The Reserve Bank of Australia on Tuesday held back on further monetary easing, surprising most market watchers who were expecting a second rate cut in as many months.» Read More
The BRIC economies, which have driven much of the global growth over the past decade, could be entering a middle-income trap, a shift which could have far reaching implications for the world.
Global growth engine China isn't the only economy in the world exhibiting signs of weakness, according to the latest purchasing managers index (PMI) readings published on Monday.
Japan's benchmark Nikkei stock index fell to its lowest level in almost six weeks on Monday, raising the specter of a second month of volatility for the world's major equity markets.
Australian equities have fallen almost 7 percent since mid-May, wiping out a sizable portion of the year's gains. But this winter could turn out to be 'wonderland' of opportunities to investors.
The dollar-yen, which has fallen almost 3 percent from a four and half year high in May and is barely hanging on to the 100 mark, is likely to hit 89 by the end of the year, according to one economist.
China's factory activity shrank for the first time in seven months in May, a private survey showed, adding to concerns that the world's second-largest economy is losing momentum.
Chinese currency and U.S. dollars are being used more widely than ever in North Korea instead of the country's own money, a testament as to how much Kim Jung-un has lost control over the economy.
Ms. Wang, considered to be the richest woman in Asia and a flamboyant figure, faced an obstacle: Foreigners were barred from holding stakes in Chinese financial institutions.
There has been a certain buzz around Japan since Prime Minister Shinzo Abe promised radical change. Whether that will last or fizzle out will depend on what long-term strategy Abe outlines this week.
India's No. 2 IT services firm Infosys grappling with disappointing results and loss of market share, has recalled founder and former chairman N.R. Narayana Murthy to act as executive chairman for five years.
China's official PMI rose to 50.8 in May from 50.6 in April, data showed on Saturday, beating market expectations and raising optimism for the world's second-largest economy.
South Korean millers suspended imports of U.S. wheat on Friday after the discovery of an unapproved strain of genetically modified wheat.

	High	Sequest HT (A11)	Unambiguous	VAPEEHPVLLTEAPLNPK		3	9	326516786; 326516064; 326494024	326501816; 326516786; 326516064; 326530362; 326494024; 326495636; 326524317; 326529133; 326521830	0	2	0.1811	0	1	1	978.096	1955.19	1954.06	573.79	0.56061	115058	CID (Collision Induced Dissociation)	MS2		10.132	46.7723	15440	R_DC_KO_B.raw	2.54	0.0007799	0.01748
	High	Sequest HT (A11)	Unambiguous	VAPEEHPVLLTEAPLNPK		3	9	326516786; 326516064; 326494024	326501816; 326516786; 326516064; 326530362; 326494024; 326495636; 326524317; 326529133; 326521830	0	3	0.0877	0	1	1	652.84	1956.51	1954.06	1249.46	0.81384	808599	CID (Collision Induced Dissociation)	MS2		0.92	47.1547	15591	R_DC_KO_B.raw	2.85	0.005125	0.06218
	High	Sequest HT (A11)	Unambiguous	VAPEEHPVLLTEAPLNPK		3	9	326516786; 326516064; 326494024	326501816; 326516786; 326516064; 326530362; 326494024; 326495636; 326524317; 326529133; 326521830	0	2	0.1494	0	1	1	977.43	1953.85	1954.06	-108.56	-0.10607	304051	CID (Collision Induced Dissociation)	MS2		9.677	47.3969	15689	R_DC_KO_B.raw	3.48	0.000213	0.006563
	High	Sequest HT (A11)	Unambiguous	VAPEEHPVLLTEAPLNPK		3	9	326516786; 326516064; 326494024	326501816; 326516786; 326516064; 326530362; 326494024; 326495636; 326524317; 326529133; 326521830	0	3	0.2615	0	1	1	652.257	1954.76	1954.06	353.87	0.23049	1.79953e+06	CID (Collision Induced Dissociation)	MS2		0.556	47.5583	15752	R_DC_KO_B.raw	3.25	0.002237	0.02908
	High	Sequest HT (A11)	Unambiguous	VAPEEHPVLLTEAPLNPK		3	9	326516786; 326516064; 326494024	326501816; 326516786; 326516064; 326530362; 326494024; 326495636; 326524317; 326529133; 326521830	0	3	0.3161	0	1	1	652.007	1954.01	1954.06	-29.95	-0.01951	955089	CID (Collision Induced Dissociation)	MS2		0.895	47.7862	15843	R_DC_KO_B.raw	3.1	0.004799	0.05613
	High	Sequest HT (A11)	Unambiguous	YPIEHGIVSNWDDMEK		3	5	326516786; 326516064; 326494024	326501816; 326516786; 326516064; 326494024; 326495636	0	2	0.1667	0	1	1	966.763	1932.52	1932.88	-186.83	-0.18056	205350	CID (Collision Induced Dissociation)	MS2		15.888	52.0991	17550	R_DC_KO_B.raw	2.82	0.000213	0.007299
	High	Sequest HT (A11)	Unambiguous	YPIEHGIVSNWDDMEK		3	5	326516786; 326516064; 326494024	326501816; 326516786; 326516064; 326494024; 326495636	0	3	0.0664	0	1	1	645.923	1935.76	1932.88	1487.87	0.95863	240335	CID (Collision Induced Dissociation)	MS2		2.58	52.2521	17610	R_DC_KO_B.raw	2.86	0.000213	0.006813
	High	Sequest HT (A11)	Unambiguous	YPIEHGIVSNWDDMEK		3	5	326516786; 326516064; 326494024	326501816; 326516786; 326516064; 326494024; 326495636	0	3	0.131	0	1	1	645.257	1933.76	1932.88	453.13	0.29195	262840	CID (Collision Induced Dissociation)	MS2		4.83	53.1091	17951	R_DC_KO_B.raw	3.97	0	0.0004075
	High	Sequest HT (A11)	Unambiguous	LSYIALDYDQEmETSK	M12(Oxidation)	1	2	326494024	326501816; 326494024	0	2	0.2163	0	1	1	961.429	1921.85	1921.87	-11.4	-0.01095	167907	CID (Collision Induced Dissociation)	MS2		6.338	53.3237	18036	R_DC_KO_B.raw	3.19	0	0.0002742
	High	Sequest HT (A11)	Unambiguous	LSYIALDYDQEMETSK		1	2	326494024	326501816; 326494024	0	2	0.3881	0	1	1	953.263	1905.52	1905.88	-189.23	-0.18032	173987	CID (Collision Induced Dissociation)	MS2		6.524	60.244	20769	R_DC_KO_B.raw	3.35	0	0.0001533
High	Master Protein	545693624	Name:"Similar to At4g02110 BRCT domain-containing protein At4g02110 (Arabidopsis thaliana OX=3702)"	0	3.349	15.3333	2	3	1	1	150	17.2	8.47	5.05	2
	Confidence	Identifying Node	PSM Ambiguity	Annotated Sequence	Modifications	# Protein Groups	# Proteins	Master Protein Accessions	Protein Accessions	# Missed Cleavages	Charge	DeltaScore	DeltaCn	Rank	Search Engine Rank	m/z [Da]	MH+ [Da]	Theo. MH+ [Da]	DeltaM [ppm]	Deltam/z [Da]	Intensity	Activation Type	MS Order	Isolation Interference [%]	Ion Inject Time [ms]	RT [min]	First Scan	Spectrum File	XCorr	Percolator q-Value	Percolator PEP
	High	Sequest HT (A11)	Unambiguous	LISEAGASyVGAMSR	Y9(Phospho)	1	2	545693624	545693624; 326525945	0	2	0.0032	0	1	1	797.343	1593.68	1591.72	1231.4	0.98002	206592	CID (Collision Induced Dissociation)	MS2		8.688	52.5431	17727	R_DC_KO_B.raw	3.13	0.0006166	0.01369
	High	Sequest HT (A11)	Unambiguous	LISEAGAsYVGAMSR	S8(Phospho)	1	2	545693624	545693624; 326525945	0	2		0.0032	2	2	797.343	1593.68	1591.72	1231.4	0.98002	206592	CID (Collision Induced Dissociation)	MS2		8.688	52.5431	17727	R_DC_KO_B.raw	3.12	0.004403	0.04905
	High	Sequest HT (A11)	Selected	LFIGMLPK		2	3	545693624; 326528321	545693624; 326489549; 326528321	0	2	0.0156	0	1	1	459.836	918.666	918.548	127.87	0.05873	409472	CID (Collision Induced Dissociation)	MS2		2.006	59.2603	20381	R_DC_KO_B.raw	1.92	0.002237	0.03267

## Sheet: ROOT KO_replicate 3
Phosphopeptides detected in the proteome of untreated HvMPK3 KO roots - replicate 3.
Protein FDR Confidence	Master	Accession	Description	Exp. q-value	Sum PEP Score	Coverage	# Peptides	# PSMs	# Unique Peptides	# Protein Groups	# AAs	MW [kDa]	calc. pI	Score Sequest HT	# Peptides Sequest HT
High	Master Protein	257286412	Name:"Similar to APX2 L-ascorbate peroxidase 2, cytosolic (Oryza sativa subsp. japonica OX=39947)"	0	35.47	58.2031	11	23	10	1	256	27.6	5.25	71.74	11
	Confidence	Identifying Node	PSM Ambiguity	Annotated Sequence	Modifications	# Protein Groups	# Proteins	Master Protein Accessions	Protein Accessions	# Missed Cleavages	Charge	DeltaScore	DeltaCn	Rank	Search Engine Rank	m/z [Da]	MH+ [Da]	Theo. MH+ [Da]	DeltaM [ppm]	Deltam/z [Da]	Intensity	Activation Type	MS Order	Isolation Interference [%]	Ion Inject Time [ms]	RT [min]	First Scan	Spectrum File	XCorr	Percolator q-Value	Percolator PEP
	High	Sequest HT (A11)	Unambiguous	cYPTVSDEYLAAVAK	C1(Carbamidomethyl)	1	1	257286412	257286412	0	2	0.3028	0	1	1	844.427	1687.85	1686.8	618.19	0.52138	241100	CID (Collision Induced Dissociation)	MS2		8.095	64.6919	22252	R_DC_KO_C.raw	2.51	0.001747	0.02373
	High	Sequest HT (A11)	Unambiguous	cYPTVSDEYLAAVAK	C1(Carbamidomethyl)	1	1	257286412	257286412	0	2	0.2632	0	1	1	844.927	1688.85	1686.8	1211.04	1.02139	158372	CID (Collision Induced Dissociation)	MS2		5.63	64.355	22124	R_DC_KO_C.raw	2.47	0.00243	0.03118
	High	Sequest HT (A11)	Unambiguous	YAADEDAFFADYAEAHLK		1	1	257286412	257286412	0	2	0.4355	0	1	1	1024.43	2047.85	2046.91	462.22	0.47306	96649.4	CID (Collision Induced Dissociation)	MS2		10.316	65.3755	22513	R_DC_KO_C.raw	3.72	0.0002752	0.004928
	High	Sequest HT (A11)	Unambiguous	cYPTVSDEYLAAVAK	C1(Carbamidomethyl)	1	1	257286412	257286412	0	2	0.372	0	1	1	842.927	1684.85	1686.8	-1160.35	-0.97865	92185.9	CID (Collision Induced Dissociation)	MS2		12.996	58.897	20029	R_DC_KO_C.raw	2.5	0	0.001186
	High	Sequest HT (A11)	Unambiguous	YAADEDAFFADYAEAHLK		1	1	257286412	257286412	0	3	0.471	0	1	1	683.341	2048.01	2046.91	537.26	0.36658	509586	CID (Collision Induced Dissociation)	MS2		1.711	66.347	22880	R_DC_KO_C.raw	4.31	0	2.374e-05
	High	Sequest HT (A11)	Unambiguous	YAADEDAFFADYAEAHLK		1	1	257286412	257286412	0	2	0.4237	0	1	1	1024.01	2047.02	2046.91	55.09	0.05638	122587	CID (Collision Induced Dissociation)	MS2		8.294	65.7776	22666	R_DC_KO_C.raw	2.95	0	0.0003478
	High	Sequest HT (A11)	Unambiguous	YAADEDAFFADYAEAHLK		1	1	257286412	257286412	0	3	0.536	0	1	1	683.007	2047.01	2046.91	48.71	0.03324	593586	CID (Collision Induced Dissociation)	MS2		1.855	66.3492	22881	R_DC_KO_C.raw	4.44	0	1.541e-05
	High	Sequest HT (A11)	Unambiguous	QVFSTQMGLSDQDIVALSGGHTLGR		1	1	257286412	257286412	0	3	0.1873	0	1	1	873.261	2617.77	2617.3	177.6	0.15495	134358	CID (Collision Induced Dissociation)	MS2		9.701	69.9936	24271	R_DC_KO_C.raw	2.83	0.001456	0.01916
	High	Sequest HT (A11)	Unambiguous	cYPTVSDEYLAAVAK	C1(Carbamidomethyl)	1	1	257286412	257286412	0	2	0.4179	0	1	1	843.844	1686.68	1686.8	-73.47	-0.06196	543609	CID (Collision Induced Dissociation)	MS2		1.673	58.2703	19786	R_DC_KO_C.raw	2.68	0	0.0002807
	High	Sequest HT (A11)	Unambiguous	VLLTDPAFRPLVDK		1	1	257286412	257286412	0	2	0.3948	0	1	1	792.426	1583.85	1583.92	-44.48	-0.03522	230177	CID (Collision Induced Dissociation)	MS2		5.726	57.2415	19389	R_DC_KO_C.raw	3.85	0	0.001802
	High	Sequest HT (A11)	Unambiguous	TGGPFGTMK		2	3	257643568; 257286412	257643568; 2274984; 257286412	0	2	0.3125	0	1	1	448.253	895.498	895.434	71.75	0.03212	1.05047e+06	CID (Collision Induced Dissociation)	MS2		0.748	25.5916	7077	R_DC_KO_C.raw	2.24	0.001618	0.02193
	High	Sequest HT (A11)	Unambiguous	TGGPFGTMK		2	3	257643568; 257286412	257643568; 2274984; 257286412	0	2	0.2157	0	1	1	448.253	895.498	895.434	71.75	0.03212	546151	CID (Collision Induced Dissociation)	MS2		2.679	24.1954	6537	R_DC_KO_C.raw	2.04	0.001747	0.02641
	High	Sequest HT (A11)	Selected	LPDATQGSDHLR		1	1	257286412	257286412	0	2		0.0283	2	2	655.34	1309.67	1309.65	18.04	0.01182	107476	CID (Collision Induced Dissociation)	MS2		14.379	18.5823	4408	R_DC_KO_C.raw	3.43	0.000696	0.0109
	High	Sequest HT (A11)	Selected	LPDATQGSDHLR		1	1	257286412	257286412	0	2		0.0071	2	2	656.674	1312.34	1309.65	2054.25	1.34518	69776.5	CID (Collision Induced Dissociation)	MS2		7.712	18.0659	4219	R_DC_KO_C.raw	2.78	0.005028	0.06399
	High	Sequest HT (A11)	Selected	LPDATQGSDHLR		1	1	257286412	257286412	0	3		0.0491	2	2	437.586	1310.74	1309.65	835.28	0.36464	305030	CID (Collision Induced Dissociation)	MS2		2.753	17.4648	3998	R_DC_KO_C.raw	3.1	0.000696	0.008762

Apple hiked prices in Japan, becoming the latest brand to foreign firms asking Japanese consumers to pay more as a weakening yen squeezes income.
With so many super rich in Chinese-speaking countries, many have begun to speculate about a shift from the usual English or German to Mandarin.
Consumer prices in Tokyo rose for the first time since 2009 in May and televisions were the factors behind the surprise inflation.
Asia's infamous stock market laggard seems to have regained a little swagger in May. Even as most major global markets managed to shake off the "sell-in-May" syndrome, it's China that's taken the lead position in the gains.
Myanmar could be the next Austria, according to Aung Tun Thet, a member of President Thein Sein's National Economic and Social Advisory Council.
Japan's blue-chip stock index has in May suffered its two sharpest sell-offs for the year and its high volatility is fueling concern about a spill over into other major markets.
In South Korea, pressuring employees to buy their own company's products as a way of boosting sales and manipulating profits remains a fairly common practice. The GlobalPost reports.
Chinese tourists have recently found themselves at the center of controversy and anger over poor etiquette abroad.
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Felicity Emmett, head of Australian Economics at ANZ, discusses the Reserve Bank of Australia's decision to stand pat on rates and explains why the central bank prefers the Aussie dollar to be lower.
Tony Nash, vice President of Delta Economics, discusses whether U.S. equity markets are overvalued, after the Nasdaq closed above the 5,000 milestone on Monday.
After rolling out a rate cut last month, the Reserve Bank of Australia could adopt a "wait and see" attitude at Tuesday's meeting, says Callum Henderson, global head of FX Research at Standard Chartered.